“It seems so easy or obvious to communicate a plan, but it’s amazing the reaction we get from families who see an estate document for the first time and can’t understand why the creator did it a certain way,” says Says Katie Kranz, Vice President of the Trust Department at First State Bank and Trust.
Kranz’ background is in the legal world, but now her role focuses more on the “boots on the ground” work of settling an estate and administering a trust, often navigating the family dynamics that come with that. “One thing to remember is that your family might look really different while you’re here versus when you’re not,” she says. “Everyone gets along, traditions exist, etc. But emotional responses, or loss experiences, are expressed differently, which can cause division in families.”
This is why she urges families not only to communicate that a plan exists–even if the details are left out–but also share some of the heart and goals behind the plan. This issue was at the heart of the webinar we hosted earlier this week, bringing panelists with different expertise together to share what they’ve seen, what works, and how and when to share the details of your legacy plan. It’s a topic that’s near and dear to our hearts at Apex. We spend a lot of time helping clients create plans that celebrate their values, care for their loved ones, and also support charitable causes…and we want that information to get into the right hands at the right time.
During our webinar, estate planning attorney Cory Wessman agreed with Kranz, adding he’s often surprised by the lack of “nuts and bolts” information shared between key estate parties, even spouses. He says that every situation is different, and it may not always be appropriate or prudent to share the specifics of a plan. But what’s important is that each plan creator makes a list of those who will be impacted by a plan–whether as beneficiaries or acting in key estate-related roles–and decide what each one should know. That’s an individual choice!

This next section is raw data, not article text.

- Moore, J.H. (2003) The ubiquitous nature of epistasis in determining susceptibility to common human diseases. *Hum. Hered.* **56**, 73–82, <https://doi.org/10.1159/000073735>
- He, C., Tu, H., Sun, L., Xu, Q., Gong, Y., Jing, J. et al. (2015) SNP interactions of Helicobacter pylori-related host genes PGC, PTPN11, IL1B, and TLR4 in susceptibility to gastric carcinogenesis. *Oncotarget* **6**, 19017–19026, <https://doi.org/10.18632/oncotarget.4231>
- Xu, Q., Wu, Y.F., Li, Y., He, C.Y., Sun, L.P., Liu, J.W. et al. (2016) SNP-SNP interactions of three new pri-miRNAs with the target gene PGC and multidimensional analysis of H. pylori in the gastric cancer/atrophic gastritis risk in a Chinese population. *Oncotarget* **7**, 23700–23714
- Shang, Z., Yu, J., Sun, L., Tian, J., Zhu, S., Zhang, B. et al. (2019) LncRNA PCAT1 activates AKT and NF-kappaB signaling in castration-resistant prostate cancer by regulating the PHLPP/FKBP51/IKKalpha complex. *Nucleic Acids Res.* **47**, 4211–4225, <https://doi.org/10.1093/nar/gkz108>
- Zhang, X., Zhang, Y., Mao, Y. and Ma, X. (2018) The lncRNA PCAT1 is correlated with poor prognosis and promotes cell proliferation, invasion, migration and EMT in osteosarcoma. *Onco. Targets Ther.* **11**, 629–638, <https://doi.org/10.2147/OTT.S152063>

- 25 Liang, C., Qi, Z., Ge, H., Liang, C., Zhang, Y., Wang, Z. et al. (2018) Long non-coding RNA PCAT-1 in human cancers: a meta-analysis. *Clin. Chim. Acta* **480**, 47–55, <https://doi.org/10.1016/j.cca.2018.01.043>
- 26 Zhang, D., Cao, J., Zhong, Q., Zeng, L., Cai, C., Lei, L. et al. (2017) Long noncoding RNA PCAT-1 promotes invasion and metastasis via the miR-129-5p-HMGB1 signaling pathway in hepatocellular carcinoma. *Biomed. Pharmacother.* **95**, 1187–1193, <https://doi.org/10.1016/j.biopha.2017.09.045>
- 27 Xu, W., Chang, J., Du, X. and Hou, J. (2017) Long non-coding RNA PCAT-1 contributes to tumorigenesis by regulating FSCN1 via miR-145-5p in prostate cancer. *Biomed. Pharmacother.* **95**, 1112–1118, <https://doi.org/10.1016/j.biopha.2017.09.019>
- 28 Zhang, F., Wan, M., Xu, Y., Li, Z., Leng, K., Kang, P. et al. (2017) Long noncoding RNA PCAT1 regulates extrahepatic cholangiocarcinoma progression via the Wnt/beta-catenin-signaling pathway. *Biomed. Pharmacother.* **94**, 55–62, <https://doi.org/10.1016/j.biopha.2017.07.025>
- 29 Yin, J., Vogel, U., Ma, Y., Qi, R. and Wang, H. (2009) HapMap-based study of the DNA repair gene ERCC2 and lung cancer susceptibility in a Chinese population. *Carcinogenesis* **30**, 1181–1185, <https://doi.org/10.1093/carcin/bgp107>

“I think more disclosure is often better when it comes to key individuals and family members that are trusted. And it’s about more than just the finances,” Wessman says.
Grief therapist Brittany Squillace of Best Self Therapy cautioned families to consider how grief may complicate conversations about legacy or estate planning, and that grief manifests differently in each person, and at different stages. Squillace explained that she spends a lot of time helping clients through “meaning-making,” answering questions like “why me?” and “why now?” and helping them build intentional connections with loved ones so that when loss happens, they have strong memories and tangible reminders to cling to.
Whether coming at legacy planning from a legal, financial, or psychological angle, the most important thing is to communicate that there IS an estate plan. Sharing the basics with loved ones–from heirs/beneficiaries to those you’ve named as guardians or estate representatives–can align expectations with reality and open the door for meaningful conversations down the road.
Though there’s a lot to think about when it comes to communicating a plan thoughtfully, some key principles apply to most situations. We put together a high-level, downloadable guide, and we hope it’s helpful to you: